Development Of Cellular Agriculture Contains Potential To Change Society, Food Industry: Study

WASHINGTON — The development of cellular agriculture, which is the food grown in factories from cells or yeast, depending on how it occurs, contains the potential to either provide beneficial alternatives to the status quo or accelerate socioeconomic inequality, a study said.

The new study was led by Penn State University researchers, who assessed the potential trajectories for a new technology that synergizes computer science, biopharma, tissue engineering, and food science to grow cultured meat, dairy, and egg products from animal cells and/or genetically modified yeast.

The study was published in Agriculture and Human Values.

The entities that currently are best positioned to capitalize on these innovations are large companies, as per researcher Robert Chiles, assistant professor of rural sociology, College of Agricultural Sciences.

“Nonetheless, new technologies such as artificial intelligence, smart agriculture, bioengineering, synthetic biology, and 3D printers are also being used to decentralize and personalize food manufacturing,” he said.

“They have the potential to democratize ownership and mobilize alternative economic organizations devoted to open-source licensing, member-owned cooperatives, social financing, and platform business models.”

Although cellular meat is not yet widely available to consumers, its proponents believe cellular agriculture could reduce land, water, and chemical inputs, minimize greenhouse gas emissions, improve food safety, optimize nutrition, and eliminate the need to raise and slaughter large numbers of animals for food.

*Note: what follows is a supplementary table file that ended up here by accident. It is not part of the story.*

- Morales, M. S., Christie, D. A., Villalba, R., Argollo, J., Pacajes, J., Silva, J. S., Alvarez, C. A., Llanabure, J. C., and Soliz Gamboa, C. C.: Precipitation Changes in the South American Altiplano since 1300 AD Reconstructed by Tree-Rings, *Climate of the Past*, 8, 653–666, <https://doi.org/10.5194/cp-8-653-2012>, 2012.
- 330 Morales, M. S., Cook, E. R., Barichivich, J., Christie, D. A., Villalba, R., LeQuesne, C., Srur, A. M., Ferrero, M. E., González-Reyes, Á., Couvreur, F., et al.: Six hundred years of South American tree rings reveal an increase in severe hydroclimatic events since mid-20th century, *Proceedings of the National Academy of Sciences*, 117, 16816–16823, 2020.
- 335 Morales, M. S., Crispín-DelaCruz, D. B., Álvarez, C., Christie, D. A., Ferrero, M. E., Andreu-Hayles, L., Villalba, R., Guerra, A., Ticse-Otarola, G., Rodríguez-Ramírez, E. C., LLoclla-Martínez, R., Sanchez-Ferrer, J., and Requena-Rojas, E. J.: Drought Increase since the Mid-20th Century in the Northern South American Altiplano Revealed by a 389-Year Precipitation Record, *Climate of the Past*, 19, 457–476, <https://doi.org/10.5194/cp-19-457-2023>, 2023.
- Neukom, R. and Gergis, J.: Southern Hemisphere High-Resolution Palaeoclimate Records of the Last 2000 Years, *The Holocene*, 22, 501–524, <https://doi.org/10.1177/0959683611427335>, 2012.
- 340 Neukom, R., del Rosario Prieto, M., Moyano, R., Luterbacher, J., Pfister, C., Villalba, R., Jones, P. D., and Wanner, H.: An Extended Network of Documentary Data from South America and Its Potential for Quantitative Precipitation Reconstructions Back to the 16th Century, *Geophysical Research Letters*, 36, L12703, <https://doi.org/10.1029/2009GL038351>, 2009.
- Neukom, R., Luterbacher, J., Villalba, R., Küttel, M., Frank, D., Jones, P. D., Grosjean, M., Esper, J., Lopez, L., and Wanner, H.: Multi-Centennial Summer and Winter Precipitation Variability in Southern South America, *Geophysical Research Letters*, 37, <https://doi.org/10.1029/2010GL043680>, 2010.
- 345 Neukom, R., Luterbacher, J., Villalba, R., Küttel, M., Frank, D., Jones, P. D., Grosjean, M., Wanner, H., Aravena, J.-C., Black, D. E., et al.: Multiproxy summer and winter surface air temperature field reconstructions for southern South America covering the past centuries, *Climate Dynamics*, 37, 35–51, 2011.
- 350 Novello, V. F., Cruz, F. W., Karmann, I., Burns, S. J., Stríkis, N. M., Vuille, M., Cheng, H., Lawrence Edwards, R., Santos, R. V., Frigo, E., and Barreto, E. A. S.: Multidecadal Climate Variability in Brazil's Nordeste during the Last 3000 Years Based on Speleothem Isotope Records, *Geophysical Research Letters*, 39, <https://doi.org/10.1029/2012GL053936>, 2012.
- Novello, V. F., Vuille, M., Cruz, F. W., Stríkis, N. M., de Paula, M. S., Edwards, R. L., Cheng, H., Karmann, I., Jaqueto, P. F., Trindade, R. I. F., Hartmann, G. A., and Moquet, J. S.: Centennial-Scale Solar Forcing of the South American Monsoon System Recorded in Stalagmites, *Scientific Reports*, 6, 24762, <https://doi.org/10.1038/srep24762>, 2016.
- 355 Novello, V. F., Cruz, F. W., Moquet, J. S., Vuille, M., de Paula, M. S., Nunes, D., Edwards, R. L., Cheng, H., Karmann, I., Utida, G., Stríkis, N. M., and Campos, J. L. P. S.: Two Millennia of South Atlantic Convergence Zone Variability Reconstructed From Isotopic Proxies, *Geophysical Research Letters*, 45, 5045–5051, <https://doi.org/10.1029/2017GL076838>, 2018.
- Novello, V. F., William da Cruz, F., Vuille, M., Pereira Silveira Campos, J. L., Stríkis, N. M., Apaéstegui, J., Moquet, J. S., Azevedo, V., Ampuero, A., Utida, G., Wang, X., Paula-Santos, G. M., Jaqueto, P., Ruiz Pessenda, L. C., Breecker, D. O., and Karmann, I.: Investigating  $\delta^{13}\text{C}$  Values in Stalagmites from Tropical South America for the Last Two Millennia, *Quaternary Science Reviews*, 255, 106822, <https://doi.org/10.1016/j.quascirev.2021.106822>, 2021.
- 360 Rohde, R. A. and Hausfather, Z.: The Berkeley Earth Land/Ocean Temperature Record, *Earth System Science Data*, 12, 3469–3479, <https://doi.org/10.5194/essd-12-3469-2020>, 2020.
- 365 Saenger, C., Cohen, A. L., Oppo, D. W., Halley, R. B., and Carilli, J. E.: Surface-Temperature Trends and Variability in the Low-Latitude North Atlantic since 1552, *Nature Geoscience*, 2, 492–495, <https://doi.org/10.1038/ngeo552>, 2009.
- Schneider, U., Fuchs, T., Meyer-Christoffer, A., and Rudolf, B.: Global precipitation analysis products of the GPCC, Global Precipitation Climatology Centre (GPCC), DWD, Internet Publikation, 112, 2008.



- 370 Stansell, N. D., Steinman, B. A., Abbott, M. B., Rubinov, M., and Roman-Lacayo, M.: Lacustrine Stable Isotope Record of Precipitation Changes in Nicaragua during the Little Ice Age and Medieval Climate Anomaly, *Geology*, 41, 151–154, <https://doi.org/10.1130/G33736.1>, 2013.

However, cellular agriculture could also concentrate ownership and power in the global food system by displacing ranchers, farmers, fishermen, and ancillary industries.

The latter possibility has led to widespread concern that cellular agriculture could accelerate the concentration of wealth and diminish public participation in agriculture — all while offering fewer environmental and nutritional benefits than promised.

Chiles’ paper recently was honored with the 2020 Roy C. Buck Award in the College of Agricultural Sciences.

Over the past decade, scholars have explored a broad spectrum of socioeconomic and ethical questions about this technological approach, said Chiles.

However, Chiles said, this scholarship has done little to explore the mechanisms that might facilitate a more just and equitable development of this sector.

To assess cellular agriculture’s potential trajectories, Chiles and colleagues attended 11 cellular agriculture and alternative economic organization events held around the United States over two years, interviewing critical experts at those conferences and summits, asking how they think the industry will develop and should develop.

Likewise, the researchers collected data from an additional 21 conferences online.

The study’s findings affirm the argument for increased public investments in open-source research and education on cellular agriculture, particularly for community and household-level production. The paper is publicly available through open access.

The jury is still out on how cellular agriculture will develop in the U.S. and around the world, Chiles said.

This research — which engaged innovators and early adopters in the field about whether this emerging technology will further concentrate wealth and power in the global food system — yielded valuable clues, Chiles said.

“Government investments in publicly accessible digital infrastructures could help to facilitate a more just transition, as could public policies that protect workers’ rights and consumer privacy,” he said.

“Stakeholders who are concerned about the justice and equity implications of cellular agriculture may ultimately find more success by engaging with how these technologies are being developed rather than avoiding them or trying to eradicate them.”

(With inputs from ANI)

Edited by Saptak Datta and Praveen Pramod Tewari



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